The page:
In the days (er, nights, rather) when I worked at Denny’s, I had a terrible manager. Godawful. This manager offended long-time customers, pissed off the cooks, and creeped out the servers. I had one family — a large, friendly Catholic family who’d dined with us since the opening — walk out. The patriarch handed me a tip–I’d only gotten their drinks thus far–and said a few curse words about my manager before leaving.
My manager sucked.
This is one of the things that made an impression on my interviewers when I first applied for my current job. I explained that I adapted to his management style. Namely, I figured out how to keep him in the back with the cooks (where he was actually pretty decent, as long as he didn’t speak). I managed the front of the house without him, and I did it well. He eventually gave me his manager’s card in case I needed to override something.
I quit after 6 months with him.
Here’s the problem: I always knew (in theory) how to work around authority figures, but I never actually had to until then. From that experience, I developed a certain expectation of customer service, right and wrong, and manager-employee relationships.
Long story short, I did the same thing in my next job (with far less subtlety) to the point that my manager tried to do the whole, “You’ll never work in this town again!” thing.
Two completely separate industries, two customer service-oriented jobs, two managers I worked around instead of with. Both managers were shown the door shortly after I left those companies.
I never went to HR. I never complained (to anyone with power). I just did my job to the best of my abilities, including using the ability to circumvent authority. Let’s be honest. That’s exactly what I was doing, and it worked out for the customers and the employees in the long run.
Now I’m here. From time to time, things go very wrong (as they will in any job) and my fight or flight instinct is far more “fight” than “flight” (ironic, right?). Here, however, that “fight” thing has bitten me in the ass more than once. I’ve learned that the higher up one goes into the world of politics, the harder it is to see the end game. There are always things at work behind the scenes.
In the customer-facing jobs, it was simple: follow policy while making the customer happy; to hell with anyone who stands in the way.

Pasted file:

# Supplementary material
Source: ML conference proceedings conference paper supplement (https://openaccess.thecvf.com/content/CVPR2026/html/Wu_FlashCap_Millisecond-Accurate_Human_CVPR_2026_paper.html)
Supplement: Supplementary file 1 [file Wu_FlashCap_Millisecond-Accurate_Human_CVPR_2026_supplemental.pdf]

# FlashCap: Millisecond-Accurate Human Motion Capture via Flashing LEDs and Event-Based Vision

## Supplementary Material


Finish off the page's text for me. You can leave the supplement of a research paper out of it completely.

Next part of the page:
Work isn’t that simple any more. To get something accomplished, you have to go through the politics of your own department. If it’s a multi-department effort, you have to go through the politics of those departments. If you try to instigate anything on your own, it falls on deaf ears. If you push too hard, you start to sound like an angry chihuahua challenging a steamroller in combat.
Sometimes I want to walk away and do something easier. Maybe go back to frontline customer service or walk away entirely and finish my design degree. I don’t think I can do either one. I don’t know that I could face myself if I gave up on a frustrating job I love this much.
Another part of me argues that there’s a difference between giving up and knowing when to walk away.
Two problems with “walking away.”
(1) I’m a listener first, and a decision-maker second. Leaving the path-forging to others isn’t in my nature, even if I wish it was. I don’t want to be the face of anything–any department, any company–but I want to be the one who makes it successful.
(2) I wouldn’t meet people who share the same passion for this company that I have. Remember when I taught that new hire class in September? There was a second one going on at the same time, and I love those newbies (almost) as much as my own. One of those new hires told me the other day that he thinks he could really succeed in this company. I agree-he’s smart, charismatic, and resourceful. I can name five other people who were hired into my department in the last 18 months who share the same qualities, without even pausing to brainstorm names.
The question is, then, how do I alleviate this frustration? I’m not sure, but I have to. I have to do something. The number one thing I don’t want to do is play the political game. That might be the way the old world works, but the old world is falling to the millennials.
We millennials get a bad rap for being entitled or whatever, and it’s sort of true. We do believe we’re entitled–to respect and to a better world. I expect respect from everyone I meet, and I will give respect in the same way. Respect should be mutual, automatic. It is not something that must be earned, but it still can be lost and regained. I expect to create a better world–and I will work as hard as I have to for it–but I expect everyone else to do their piece, too. I’m not Atlas. I cannot keep the sky from falling by my own strength.
So what is the next step? As a lowly idealist with no power except her mind and her voice, how can I make my ideas happen without getting entrapped by old world politics? Any suggestions?